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hollowseve
New Member

I am quitting my job to go back to school full time. I will be needing money from my 401k to pay bills and school expenses. How can I avoid the 10 percent penalty?

 
7 Replies
DanPaul02
Level 7

I am quitting my job to go back to school full time. I will be needing money from my 401k to pay bills and school expenses. How can I avoid the 10 percent penalty?

hardship withdrawal from a participant’s elective deferral account can only be made if the distribution meets two conditions.

 
  • It's due to an immediate and heavy financial need.
  • It's limited to the amount necessary to satisfy that financial need

A hardship withdrawal can be taken without a penalty. For example, taking out money to help with economic hardship, pay college tuition, or fund a down payment for a first home are all withdrawals that are not subject to penalties, though you still will have to pay income tax at your regular tax rate.

You will not pay a penalty on the withdrawal, but will pay tax on the money.  The Cares Act also gives the option of paying the taxes on the withdrawal over a three year period. 

You can withdraw up to $100,000 without a 10% early withdrawal penalty.

TomD8
Level 15

I am quitting my job to go back to school full time. I will be needing money from my 401k to pay bills and school expenses. How can I avoid the 10 percent penalty?

-deleted-

**Answers are correct to the best of my ability but do not constitute tax or legal advice.
Opus 17
Level 15

I am quitting my job to go back to school full time. I will be needing money from my 401k to pay bills and school expenses. How can I avoid the 10 percent penalty?


@TomD8 wrote:

Another alternative is to take a loan from your 401K.  You'll generally have 5 years to repay the loan, plus interest (but the interest you pay goes back into your 401K account).  There are no taxes or penalties on a 401K loan.  Your 401K plan may have a limit on the amount you can borrow.  Drawback: if you can't repay the loan, it's considered defaulted, and in that case you'd owe both penalties and interest.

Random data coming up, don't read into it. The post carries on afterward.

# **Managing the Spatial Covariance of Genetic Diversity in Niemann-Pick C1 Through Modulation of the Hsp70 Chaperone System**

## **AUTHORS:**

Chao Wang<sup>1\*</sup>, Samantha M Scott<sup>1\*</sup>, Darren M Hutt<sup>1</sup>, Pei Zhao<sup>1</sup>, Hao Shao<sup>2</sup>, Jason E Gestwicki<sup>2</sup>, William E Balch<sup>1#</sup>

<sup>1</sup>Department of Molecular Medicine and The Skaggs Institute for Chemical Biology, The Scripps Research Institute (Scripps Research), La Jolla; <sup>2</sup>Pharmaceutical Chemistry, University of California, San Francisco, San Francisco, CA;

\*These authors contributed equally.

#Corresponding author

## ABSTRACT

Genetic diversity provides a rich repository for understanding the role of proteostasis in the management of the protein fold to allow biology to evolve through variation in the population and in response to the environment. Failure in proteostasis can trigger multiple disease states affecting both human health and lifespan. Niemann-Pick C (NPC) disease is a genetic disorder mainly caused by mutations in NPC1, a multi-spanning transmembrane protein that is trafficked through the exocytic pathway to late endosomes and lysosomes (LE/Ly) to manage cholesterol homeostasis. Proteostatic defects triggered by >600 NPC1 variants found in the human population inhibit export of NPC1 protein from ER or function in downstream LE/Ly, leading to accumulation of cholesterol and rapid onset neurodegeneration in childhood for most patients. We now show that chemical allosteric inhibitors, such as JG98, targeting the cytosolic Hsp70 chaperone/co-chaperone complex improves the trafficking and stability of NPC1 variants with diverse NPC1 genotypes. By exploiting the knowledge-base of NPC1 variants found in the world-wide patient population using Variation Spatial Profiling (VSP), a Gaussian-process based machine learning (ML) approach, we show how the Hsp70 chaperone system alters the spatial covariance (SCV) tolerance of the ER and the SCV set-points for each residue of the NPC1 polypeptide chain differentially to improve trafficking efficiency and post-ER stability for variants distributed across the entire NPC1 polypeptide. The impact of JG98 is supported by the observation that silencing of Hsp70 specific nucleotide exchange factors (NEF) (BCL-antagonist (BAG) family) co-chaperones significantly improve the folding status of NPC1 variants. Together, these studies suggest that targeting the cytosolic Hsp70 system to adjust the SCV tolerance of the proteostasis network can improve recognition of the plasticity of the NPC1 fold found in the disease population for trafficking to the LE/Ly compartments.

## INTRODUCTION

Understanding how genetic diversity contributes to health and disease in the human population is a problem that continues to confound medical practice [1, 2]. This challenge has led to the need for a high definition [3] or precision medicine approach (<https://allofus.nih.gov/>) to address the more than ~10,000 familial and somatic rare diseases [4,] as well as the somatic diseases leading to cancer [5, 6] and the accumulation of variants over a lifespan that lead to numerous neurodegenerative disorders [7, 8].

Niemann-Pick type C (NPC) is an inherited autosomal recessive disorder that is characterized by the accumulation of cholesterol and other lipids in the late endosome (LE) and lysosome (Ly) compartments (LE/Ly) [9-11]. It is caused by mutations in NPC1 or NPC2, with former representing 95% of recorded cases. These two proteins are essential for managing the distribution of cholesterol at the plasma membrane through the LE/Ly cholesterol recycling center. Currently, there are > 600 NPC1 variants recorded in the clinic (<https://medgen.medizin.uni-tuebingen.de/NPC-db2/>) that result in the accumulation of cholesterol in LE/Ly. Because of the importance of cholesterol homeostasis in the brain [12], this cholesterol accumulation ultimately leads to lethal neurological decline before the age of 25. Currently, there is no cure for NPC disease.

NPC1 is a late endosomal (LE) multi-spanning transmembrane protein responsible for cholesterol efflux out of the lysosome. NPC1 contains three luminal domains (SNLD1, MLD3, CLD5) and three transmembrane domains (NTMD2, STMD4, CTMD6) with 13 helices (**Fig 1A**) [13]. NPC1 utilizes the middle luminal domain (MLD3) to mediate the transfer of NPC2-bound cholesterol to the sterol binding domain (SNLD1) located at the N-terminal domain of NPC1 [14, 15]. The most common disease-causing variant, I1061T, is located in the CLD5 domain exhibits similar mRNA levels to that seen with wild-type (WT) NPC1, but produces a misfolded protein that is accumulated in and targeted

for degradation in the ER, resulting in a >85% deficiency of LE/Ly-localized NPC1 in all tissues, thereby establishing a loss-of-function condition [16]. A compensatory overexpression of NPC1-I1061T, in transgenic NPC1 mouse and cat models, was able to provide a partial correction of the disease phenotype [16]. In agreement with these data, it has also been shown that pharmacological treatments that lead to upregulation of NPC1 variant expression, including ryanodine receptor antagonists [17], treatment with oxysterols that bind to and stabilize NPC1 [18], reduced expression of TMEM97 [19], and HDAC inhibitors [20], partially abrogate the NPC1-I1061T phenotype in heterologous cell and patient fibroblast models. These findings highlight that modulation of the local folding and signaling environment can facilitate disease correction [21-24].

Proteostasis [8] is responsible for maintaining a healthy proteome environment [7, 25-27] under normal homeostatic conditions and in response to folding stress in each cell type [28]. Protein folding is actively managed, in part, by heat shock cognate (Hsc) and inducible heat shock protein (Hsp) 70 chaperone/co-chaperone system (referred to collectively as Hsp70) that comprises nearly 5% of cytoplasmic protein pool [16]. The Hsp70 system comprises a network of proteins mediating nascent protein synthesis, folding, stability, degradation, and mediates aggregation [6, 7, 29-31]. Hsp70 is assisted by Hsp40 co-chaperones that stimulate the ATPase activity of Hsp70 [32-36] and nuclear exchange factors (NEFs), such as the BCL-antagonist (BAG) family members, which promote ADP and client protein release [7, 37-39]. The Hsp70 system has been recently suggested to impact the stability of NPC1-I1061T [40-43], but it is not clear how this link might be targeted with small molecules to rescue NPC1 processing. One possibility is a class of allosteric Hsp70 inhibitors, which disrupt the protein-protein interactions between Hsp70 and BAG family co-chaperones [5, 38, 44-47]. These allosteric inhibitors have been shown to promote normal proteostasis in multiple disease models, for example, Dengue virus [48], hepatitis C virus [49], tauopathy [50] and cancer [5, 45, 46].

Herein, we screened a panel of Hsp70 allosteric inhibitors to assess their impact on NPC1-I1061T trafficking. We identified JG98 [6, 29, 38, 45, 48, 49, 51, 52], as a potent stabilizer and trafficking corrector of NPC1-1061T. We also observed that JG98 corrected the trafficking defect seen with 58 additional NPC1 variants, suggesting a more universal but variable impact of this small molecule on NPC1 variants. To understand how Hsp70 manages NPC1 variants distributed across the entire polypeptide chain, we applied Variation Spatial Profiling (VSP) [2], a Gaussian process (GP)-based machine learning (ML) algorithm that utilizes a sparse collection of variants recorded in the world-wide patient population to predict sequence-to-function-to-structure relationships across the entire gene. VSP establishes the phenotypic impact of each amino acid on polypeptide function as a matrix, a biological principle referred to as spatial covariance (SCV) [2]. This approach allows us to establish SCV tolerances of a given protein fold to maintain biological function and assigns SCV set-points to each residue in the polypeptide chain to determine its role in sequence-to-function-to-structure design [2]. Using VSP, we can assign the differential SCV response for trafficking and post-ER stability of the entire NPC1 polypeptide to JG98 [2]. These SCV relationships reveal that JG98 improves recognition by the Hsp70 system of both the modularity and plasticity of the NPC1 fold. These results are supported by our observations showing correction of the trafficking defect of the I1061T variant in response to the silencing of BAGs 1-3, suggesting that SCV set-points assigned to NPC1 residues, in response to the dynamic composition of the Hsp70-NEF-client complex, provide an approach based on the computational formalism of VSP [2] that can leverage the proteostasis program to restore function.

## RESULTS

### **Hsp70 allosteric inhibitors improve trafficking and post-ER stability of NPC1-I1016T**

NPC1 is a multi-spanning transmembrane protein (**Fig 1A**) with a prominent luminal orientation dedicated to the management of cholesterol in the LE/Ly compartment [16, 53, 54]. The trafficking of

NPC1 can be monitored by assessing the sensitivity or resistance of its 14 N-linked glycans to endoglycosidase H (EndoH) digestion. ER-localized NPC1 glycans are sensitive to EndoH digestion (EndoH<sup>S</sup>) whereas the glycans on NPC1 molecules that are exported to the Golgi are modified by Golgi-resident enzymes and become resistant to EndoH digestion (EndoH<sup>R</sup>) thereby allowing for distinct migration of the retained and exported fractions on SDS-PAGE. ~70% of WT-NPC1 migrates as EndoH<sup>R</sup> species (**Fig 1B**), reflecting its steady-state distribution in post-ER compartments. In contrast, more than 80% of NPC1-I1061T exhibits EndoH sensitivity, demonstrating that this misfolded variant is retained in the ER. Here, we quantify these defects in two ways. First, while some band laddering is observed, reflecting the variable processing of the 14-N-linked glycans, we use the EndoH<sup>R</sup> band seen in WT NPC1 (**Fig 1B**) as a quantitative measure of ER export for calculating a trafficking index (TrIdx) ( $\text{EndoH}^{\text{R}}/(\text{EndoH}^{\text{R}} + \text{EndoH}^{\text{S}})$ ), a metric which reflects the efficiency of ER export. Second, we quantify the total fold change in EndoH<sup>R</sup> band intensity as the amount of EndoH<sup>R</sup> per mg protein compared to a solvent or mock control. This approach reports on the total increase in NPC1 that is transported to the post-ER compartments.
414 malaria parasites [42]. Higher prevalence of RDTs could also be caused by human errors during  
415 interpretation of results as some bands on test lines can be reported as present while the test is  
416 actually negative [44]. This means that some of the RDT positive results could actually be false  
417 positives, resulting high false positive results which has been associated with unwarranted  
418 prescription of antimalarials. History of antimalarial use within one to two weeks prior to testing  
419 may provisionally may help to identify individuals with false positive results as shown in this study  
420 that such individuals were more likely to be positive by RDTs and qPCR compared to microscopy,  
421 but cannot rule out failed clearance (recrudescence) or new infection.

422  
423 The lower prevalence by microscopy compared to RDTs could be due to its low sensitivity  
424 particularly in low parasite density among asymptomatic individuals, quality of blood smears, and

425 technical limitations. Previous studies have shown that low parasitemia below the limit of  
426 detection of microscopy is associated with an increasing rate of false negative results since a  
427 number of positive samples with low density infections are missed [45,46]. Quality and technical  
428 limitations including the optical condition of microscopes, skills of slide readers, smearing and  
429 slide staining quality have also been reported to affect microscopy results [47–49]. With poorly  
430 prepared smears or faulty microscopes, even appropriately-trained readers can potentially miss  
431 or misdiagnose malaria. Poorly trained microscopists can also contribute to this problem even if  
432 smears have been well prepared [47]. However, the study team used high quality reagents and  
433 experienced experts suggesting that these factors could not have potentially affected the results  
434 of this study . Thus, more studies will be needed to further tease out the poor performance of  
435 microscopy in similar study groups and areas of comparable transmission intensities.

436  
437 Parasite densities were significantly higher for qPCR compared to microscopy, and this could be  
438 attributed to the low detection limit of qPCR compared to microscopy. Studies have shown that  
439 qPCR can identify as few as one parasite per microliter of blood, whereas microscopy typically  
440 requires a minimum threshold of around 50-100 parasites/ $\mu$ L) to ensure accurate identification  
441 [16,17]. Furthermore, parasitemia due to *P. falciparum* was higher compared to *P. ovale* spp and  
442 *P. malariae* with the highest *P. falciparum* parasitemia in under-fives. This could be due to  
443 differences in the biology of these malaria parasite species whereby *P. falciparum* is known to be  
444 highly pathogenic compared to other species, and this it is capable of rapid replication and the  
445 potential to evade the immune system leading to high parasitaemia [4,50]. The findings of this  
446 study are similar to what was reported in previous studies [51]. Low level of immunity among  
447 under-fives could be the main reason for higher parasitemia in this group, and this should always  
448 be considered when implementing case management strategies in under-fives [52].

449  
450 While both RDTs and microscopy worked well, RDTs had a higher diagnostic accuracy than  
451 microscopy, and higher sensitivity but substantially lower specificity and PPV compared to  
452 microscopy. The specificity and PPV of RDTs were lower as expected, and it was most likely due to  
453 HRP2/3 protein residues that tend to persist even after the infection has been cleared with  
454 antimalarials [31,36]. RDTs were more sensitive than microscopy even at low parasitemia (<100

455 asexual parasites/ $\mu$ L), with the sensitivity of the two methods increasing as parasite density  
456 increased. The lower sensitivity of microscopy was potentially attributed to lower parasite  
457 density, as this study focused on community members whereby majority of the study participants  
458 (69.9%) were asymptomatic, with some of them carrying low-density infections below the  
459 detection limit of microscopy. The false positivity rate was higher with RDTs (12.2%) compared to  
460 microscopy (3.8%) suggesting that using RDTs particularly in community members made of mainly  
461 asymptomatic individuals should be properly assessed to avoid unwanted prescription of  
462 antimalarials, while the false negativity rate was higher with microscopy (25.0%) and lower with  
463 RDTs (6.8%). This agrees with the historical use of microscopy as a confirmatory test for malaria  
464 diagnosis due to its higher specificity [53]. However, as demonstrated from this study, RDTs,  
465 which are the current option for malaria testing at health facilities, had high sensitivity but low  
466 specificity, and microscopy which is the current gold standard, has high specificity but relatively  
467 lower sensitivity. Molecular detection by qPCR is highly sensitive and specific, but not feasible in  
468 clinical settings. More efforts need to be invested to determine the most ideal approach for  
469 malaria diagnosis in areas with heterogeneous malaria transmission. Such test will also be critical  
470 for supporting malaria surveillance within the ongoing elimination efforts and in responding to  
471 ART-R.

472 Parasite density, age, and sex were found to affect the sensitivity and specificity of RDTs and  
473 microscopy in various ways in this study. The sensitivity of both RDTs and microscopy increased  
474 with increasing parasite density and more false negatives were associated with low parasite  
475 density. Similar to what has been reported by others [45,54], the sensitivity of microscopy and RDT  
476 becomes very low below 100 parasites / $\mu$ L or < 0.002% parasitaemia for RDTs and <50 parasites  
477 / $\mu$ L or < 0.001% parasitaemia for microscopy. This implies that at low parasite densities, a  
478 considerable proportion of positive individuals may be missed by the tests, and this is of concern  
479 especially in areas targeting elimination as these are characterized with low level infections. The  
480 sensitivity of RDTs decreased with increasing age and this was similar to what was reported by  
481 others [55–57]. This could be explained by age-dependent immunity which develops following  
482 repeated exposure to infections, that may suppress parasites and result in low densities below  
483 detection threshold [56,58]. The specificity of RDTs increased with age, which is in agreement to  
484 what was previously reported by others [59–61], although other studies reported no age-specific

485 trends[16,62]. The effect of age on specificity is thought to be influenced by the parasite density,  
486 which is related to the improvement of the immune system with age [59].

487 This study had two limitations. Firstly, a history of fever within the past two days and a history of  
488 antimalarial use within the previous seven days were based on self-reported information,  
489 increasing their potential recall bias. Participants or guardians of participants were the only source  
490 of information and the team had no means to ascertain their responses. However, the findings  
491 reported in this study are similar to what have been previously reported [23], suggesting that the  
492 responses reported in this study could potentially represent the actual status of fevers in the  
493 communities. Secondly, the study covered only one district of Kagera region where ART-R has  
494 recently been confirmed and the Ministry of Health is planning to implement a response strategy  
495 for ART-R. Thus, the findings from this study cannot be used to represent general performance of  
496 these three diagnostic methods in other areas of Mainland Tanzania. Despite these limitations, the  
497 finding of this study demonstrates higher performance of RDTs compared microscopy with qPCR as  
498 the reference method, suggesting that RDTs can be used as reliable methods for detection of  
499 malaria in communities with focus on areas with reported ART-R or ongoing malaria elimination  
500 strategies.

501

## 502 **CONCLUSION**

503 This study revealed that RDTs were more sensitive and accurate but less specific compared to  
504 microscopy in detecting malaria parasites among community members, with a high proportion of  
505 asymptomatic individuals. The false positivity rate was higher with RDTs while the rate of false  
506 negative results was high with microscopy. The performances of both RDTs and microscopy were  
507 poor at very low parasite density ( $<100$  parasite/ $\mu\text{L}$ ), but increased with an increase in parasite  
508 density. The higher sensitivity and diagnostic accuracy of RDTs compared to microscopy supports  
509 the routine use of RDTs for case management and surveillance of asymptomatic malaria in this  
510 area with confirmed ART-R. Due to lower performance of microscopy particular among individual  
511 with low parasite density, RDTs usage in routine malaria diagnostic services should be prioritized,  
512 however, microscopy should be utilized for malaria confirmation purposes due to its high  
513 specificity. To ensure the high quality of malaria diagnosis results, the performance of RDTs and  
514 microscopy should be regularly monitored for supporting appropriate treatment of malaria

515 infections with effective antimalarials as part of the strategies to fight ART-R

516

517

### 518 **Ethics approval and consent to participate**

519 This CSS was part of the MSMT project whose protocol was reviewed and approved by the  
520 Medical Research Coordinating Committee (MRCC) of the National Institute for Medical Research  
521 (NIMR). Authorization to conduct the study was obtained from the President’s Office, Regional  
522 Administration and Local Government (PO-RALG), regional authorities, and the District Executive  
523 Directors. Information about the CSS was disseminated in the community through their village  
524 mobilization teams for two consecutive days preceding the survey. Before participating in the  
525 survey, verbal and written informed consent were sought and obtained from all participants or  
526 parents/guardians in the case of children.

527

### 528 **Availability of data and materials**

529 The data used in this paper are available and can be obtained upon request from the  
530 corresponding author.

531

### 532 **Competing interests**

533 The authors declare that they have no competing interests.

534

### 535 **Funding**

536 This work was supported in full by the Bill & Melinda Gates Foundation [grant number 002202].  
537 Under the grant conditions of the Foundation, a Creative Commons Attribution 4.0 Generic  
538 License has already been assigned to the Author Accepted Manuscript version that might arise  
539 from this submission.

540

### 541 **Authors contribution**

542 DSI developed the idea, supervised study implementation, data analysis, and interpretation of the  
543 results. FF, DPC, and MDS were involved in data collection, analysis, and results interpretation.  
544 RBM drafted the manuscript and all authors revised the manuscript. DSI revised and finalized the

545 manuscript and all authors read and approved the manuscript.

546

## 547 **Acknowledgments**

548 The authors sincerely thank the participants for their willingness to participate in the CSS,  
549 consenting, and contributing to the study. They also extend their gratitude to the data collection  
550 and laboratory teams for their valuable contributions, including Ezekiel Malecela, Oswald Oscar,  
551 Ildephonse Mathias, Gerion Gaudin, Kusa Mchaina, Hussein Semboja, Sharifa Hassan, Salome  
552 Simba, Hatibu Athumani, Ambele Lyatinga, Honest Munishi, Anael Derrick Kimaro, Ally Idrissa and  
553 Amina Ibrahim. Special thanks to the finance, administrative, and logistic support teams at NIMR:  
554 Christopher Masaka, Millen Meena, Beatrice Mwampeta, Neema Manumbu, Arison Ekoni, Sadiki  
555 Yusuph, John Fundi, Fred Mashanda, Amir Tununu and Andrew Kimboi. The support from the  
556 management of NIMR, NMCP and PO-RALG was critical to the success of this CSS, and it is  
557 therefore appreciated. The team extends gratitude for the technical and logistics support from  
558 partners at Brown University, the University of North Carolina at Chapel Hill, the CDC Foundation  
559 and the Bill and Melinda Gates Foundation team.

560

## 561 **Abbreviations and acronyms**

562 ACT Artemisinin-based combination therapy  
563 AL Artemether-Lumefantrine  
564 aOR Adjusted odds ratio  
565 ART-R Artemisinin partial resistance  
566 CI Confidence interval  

A loan does not apply, taxpayer is quitting (separating from service.). As soon as the taxpayer quits, the loan gets converted to a distribution, and subject to tax and penalties, unless the taxpayer can repay the loan within the required time frame. 

*Answers are correct to the best of my ability at the time of posting but do not constitute legal or tax advice.*
Opus 17
Level 15

I am quitting my job to go back to school full time. I will be needing money from my 401k to pay bills and school expenses. How can I avoid the 10 percent penalty?


@DanPaul02 wrote:

hardship withdrawal from a participant’s elective deferral account can only be made if the distribution meets two conditions.

 
  • It's due to an immediate and heavy financial need.
  • It's limited to the amount necessary to satisfy that financial need

A hardship withdrawal can be taken without a penalty. For example, taking out money to help with economic hardship, pay college tuition, or fund a down payment for a first home are all withdrawals that are not subject to penalties, though you still will have to pay income tax at your regular tax rate.

You will not pay a penalty on the withdrawal, but will pay tax on the money.  The Cares Act also gives the option of paying the taxes on the withdrawal over a three year period. 

You can withdraw up to $100,000 without a 10% early withdrawal penalty.


Hardship withdrawals are NOT exempt from the 10% early withdrawal penalty unless the taxpayer qualifies for an exemption under the normal rules, and education is NOT an exemption for 401(k) distributions.

https://www.irs.gov/retirement-plans/401k-plan-hardship-distributions-consider-the-consequences

https://www.irs.gov/retirement-plans/plan-participant-employee/retirement-topics-tax-on-early-distri...

 

Also, the CARES act provision waiving the penalty and allowing tax on withdrawals to be spread out over 3 years only applies to COVID-related hardships and that provision expired 12/31/2020, despite articles on the web to the contrary.